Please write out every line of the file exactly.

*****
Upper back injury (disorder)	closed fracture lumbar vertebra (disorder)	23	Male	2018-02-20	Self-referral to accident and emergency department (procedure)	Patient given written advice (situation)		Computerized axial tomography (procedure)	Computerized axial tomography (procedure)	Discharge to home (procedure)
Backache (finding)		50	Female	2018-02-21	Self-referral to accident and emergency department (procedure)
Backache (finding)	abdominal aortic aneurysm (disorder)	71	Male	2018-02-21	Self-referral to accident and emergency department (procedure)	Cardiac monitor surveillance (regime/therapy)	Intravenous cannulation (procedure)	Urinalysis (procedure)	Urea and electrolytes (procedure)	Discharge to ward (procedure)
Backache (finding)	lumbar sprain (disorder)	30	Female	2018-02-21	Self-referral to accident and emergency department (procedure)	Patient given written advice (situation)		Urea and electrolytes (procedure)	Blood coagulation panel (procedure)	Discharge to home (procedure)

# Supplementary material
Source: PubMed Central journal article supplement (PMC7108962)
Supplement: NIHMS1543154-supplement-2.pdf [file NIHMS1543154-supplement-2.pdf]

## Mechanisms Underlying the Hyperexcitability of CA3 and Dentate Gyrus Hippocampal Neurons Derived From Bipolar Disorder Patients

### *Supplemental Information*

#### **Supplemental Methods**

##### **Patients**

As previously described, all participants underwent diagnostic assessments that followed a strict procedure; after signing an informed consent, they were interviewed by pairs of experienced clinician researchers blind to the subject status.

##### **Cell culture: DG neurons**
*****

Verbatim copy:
Upper back injury (disorder)	closed fracture lumbar vertebra (disorder)	23	Male	2018-02-20	Self-referral to accident and emergency department (procedure)	Patient given written advice (situation)		Computerized axial tomography (procedure)	Computerized axial tomography (procedure)	Discharge to home (procedure)
Backache (finding)		50	Female	2018-02-21	Self-referral to accident and emergency department (procedure)
Backache (finding)	abdominal aortic aneurysm (disorder)	71	Male	2018-02-21	Self-referral to accident and emergency department (procedure)	Cardiac monitor surveillance (regime/therapy)	Intravenous cannulation (procedure)	Urinalysis (procedure)	Urea and electrolytes (procedure)	Discharge to ward (procedure)
Backache (finding)	lumbar sprain (disorder)	30	Female	2018-02-21	Self-referral to accident and emergency department (procedure)	Patient given written advice (situation)		Urea and electrolytes (procedure)	Blood coagulation panel (procedure)	Discharge to home (procedure)

# Supplementary material
Source: PubMed Central journal article supplement (PMC7108962)
Supplement: NIHMS1543154-supplement-2.pdf [file NIHMS1543154-supplement-2.pdf]

## Mechanisms Underlying the Hyperexcitability of CA3 and Dentate Gyrus Hippocampal Neurons Derived From Bipolar Disorder Patients

### *Supplemental Information*

#### **Supplemental Methods**

##### **Patients**

As previously described, all participants underwent diagnostic assessments that followed a strict procedure; after signing an informed consent, they were interviewed by pairs of experienced clinician researchers blind to the subject status.

##### **Cell culture: DG neurons**